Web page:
The best way to find out how a city can be more child-friendly is not to ask an adult, but to ask children. That means allowing them access to the mayor. I’ve actually been living this through social media over the last six years, where I have been able to hear from teens. As to even younger groups, I can foresee visiting schools—which I have done regularly as well.
   One of the reasons I’ve put so much effort into innovation and creativity is that I want our city’s youngest minds to have the right stimuli. At libraries and some public sites, I would love to see small workstations that can keep children entertained with educational programs, especially as they can be acquired for low cost and help alleviate the cuts in library funding.
   I’ve seen how the Shakespeare Globe Centre here in Wellington promotes theatre, again targeting youth (albeit a slightly older group), and our city should continue providing funding to such bodies that encourage creativity.
   We need to invest in physical education with the cuts to these programmes in a lot of schools. Wellington should have set activities that lead to the physical health of our youth and that means encouraging volunteers and allowing kids easy access to community and sport centres. These programmes can be child-created online, with parental supervision, so it’s kids creating for kids.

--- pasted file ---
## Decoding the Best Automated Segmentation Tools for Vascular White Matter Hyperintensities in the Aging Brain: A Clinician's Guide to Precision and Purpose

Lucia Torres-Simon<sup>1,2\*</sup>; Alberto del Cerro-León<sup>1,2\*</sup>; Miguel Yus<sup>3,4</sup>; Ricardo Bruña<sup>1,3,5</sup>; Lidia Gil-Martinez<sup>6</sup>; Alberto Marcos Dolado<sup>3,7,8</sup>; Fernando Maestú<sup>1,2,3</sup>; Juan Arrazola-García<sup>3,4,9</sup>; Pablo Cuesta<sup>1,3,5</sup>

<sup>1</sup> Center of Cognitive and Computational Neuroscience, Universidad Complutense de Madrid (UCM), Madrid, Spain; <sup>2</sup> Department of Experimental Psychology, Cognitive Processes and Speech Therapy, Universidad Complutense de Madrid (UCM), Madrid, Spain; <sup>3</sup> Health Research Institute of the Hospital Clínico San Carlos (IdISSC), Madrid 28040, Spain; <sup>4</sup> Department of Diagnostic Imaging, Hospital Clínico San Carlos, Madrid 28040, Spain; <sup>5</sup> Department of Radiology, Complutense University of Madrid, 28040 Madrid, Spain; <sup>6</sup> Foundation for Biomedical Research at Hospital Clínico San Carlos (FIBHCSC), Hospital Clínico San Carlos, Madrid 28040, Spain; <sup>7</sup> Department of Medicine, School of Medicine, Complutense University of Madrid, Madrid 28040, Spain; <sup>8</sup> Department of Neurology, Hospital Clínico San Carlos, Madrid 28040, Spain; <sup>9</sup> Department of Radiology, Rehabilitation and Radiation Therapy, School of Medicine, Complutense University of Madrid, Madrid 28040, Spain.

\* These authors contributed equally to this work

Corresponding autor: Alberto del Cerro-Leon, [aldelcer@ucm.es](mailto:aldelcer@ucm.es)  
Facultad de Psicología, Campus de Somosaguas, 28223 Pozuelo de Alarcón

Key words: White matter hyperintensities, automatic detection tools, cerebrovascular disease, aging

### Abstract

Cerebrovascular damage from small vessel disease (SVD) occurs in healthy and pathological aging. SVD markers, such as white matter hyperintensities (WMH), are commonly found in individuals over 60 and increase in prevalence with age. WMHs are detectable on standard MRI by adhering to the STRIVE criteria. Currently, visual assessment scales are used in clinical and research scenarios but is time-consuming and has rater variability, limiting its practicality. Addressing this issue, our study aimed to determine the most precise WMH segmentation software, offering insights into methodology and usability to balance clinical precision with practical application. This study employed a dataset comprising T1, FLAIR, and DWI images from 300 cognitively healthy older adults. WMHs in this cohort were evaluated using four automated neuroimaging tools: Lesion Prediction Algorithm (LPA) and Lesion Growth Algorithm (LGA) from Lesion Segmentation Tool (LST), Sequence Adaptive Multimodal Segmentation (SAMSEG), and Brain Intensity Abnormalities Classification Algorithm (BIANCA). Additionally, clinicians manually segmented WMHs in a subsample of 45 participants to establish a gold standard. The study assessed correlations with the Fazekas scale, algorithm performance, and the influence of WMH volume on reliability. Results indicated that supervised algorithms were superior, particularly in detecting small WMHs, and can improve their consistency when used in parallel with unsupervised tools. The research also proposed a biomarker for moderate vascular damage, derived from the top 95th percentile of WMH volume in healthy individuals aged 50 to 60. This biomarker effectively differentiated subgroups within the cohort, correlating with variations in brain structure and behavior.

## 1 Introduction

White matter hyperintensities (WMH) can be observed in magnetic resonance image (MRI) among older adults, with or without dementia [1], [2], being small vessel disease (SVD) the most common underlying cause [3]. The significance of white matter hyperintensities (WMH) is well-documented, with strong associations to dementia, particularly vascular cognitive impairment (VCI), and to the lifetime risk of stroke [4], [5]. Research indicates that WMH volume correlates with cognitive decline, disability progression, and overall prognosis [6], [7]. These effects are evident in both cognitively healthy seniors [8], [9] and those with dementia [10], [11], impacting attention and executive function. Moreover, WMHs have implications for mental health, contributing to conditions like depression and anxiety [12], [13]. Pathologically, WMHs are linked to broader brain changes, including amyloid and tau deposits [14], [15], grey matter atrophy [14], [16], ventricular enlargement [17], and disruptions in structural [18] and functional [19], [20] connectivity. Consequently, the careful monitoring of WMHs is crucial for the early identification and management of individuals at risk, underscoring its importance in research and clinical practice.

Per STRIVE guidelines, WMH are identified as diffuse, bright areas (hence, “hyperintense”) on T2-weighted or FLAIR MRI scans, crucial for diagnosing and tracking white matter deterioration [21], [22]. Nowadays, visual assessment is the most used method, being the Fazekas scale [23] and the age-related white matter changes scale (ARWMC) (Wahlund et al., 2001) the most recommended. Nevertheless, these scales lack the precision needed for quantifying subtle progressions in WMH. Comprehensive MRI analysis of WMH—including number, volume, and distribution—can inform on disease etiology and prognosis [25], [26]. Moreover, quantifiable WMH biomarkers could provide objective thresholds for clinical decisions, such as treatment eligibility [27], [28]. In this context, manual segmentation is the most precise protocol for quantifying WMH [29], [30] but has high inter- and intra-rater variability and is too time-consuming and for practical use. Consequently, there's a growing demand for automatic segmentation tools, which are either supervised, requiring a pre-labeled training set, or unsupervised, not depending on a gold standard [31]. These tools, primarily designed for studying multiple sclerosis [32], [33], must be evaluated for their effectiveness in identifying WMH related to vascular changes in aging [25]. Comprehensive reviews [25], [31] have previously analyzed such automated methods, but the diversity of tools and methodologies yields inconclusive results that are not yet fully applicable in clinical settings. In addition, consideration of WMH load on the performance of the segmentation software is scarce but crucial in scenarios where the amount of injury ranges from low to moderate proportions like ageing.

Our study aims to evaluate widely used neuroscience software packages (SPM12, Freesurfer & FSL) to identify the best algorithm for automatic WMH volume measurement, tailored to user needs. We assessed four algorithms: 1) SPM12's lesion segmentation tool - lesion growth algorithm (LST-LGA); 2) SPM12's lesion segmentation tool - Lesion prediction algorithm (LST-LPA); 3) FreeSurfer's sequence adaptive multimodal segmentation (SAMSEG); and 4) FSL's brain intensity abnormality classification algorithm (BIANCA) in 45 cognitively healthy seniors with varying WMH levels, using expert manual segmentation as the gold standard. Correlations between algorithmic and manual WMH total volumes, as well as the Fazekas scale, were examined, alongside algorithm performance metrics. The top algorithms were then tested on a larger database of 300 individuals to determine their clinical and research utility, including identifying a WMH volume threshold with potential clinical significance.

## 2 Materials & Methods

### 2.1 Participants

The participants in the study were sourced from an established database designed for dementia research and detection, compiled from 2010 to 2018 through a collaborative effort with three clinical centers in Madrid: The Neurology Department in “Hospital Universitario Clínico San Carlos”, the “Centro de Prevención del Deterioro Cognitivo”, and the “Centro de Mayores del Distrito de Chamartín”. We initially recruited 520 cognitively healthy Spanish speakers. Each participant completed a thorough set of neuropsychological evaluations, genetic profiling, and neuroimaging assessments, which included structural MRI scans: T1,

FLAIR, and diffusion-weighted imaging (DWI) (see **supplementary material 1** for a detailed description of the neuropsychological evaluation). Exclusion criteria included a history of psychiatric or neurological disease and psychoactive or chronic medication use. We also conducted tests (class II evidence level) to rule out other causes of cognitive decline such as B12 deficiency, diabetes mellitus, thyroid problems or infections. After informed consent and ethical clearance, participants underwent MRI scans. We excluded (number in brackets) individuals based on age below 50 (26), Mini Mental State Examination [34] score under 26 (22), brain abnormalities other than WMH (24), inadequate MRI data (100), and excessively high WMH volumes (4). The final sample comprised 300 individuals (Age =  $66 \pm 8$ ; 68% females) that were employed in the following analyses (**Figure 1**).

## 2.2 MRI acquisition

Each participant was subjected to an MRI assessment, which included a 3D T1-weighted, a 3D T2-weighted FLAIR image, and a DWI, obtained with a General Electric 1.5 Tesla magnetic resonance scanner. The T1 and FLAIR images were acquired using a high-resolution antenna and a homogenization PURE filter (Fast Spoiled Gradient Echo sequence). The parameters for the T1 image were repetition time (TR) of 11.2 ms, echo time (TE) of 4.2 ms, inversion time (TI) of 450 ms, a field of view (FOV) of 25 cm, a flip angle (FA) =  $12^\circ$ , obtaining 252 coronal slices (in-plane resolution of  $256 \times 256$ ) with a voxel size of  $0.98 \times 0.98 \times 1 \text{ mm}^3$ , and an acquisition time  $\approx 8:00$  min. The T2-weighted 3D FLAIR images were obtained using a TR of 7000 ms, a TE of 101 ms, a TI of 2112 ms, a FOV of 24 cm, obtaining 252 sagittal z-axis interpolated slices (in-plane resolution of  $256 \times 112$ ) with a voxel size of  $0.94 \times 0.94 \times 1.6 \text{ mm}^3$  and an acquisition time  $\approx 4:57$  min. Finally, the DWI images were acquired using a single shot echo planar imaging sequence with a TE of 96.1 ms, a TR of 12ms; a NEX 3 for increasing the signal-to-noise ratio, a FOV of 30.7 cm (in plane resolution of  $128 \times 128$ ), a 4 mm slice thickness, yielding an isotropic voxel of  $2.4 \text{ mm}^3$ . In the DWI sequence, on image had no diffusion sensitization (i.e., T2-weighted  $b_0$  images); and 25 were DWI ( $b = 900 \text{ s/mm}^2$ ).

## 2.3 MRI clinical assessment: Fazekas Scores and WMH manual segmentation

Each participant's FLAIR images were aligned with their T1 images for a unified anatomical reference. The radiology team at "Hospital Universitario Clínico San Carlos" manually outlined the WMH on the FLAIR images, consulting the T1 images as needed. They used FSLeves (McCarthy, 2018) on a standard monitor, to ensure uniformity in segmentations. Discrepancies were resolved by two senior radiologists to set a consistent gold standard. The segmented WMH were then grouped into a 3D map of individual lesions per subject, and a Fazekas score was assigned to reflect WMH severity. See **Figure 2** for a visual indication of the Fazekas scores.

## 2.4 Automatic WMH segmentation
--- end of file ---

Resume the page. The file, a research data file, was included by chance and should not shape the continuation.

Essentially, if we don’t hear from children today, then how can we claim to create a city for our future? We need them to know they are being listened to, so that they don’t have the same cynicism about local government that many of us adults possess. Treat children as valuable members of society and not talk down to them, and they will step up to the mark.

Peter asks: ‘What’s your position on fluoridation of water?’
   Peter, I support ongoing fluoridation. One of my friends has a son with a congenital heart defect, so fluoride helps him for a start, to avoid dental infections that can bring on myocarditis. A few of my friends are against fluoridation, and I admire their conviction, but I have to look at what the academic research says (especially as a candidate who says we need to work with our tertiary institutions more closely). Since I contribute to academic journals myself and am on the editorial board of one, I know the processes, and I take peer review seriously.

Claire asks: ‘What’s your position on cycling as a mode of transport in Wellington, and how would you support (or not) an increase in the number of people riding for transport and the safety of the mode?’
   Thanks to my work overseas, especially in København and Stockholm, I support cycling, for the obvious health and environmental benefits. One of my policies in both elections was the idea of a market weekend, where we close off the central city to traffic in the summer, apeing what we do for the movie premières. This would allow people to enjoy Wellington in a friendly, enjoyable environment. Cyclists would be encouraged. Longer-term, this would allow us to see how we could manage greater pedestrianization for our city, in line with what is happening in western Europe, and such a setting would encourage cycling as a more acceptable mode of transport.